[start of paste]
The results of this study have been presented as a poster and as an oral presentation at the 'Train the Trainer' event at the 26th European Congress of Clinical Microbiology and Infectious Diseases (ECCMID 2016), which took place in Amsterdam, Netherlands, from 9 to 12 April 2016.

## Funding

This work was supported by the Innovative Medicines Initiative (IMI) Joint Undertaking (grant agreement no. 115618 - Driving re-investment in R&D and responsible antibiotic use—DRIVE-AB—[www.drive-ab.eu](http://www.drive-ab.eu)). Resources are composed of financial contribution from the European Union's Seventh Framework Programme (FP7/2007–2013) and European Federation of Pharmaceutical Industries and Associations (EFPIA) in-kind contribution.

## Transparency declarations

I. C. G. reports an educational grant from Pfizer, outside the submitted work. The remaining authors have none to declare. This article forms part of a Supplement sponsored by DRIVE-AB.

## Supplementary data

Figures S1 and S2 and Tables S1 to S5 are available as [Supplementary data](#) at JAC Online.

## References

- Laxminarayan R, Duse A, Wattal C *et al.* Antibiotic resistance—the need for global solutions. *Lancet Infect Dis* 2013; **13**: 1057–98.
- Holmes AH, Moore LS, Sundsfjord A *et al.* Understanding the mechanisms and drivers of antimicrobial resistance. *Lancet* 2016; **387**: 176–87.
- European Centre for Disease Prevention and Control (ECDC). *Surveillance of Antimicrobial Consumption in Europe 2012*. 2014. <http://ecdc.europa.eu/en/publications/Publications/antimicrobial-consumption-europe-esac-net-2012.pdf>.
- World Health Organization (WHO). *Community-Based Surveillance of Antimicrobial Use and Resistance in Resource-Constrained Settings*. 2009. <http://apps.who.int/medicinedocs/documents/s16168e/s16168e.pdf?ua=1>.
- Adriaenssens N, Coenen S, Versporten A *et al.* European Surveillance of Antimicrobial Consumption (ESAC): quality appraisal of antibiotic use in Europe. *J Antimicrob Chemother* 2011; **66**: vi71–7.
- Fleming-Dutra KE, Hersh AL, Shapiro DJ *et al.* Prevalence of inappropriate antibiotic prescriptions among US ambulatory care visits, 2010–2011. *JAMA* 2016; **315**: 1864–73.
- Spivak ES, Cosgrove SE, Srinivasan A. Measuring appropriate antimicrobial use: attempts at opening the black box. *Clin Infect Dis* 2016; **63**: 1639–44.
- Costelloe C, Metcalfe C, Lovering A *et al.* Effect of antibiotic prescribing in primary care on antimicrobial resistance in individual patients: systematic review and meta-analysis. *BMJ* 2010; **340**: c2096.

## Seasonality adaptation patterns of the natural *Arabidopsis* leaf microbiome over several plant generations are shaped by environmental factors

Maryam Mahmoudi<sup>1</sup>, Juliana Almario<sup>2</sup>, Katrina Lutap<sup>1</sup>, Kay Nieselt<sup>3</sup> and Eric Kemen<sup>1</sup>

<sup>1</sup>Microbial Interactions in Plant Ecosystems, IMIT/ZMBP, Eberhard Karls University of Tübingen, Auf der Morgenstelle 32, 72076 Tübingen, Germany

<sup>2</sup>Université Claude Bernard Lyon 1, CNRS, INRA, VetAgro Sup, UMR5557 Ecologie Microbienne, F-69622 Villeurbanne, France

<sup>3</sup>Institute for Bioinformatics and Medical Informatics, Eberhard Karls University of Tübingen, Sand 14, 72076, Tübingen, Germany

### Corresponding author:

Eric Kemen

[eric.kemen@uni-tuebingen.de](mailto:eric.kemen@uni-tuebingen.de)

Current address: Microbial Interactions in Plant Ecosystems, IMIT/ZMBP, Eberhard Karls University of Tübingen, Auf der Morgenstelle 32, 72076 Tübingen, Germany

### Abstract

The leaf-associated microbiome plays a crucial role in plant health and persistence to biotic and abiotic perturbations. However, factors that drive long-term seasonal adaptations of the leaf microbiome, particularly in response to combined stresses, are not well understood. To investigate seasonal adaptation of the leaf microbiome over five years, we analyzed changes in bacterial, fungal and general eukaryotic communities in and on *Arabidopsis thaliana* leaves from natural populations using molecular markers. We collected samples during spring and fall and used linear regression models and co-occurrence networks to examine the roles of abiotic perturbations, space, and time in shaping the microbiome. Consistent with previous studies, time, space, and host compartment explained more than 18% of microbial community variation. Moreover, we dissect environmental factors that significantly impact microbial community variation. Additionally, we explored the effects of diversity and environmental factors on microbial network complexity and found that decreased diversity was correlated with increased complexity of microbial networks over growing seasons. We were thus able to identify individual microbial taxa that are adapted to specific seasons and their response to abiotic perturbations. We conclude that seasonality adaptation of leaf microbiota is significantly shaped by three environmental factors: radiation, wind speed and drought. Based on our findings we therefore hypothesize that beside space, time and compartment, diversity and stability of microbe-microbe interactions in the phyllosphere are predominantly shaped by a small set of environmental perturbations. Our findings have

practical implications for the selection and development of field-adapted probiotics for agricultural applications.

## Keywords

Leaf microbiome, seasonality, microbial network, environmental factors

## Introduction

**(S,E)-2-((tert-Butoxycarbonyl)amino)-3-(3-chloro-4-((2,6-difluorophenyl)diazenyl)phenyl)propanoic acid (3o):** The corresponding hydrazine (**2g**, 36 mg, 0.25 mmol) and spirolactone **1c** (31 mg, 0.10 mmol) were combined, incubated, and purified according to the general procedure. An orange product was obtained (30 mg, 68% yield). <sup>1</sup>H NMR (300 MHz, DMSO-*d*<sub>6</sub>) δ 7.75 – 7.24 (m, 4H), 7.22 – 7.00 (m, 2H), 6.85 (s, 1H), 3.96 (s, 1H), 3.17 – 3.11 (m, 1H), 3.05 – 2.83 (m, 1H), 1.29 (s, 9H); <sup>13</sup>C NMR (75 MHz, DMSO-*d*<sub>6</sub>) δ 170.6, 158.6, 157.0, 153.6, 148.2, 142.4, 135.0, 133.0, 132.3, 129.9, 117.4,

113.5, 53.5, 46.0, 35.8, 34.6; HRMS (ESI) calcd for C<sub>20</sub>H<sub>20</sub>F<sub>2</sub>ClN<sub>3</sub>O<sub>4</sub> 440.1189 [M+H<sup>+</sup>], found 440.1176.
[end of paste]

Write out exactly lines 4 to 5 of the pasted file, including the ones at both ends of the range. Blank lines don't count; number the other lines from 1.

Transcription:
## Transparency declarations

I. C. G. reports an educational grant from Pfizer, outside the submitted work. The remaining authors have none to declare. This article forms part of a Supplement sponsored by DRIVE-AB.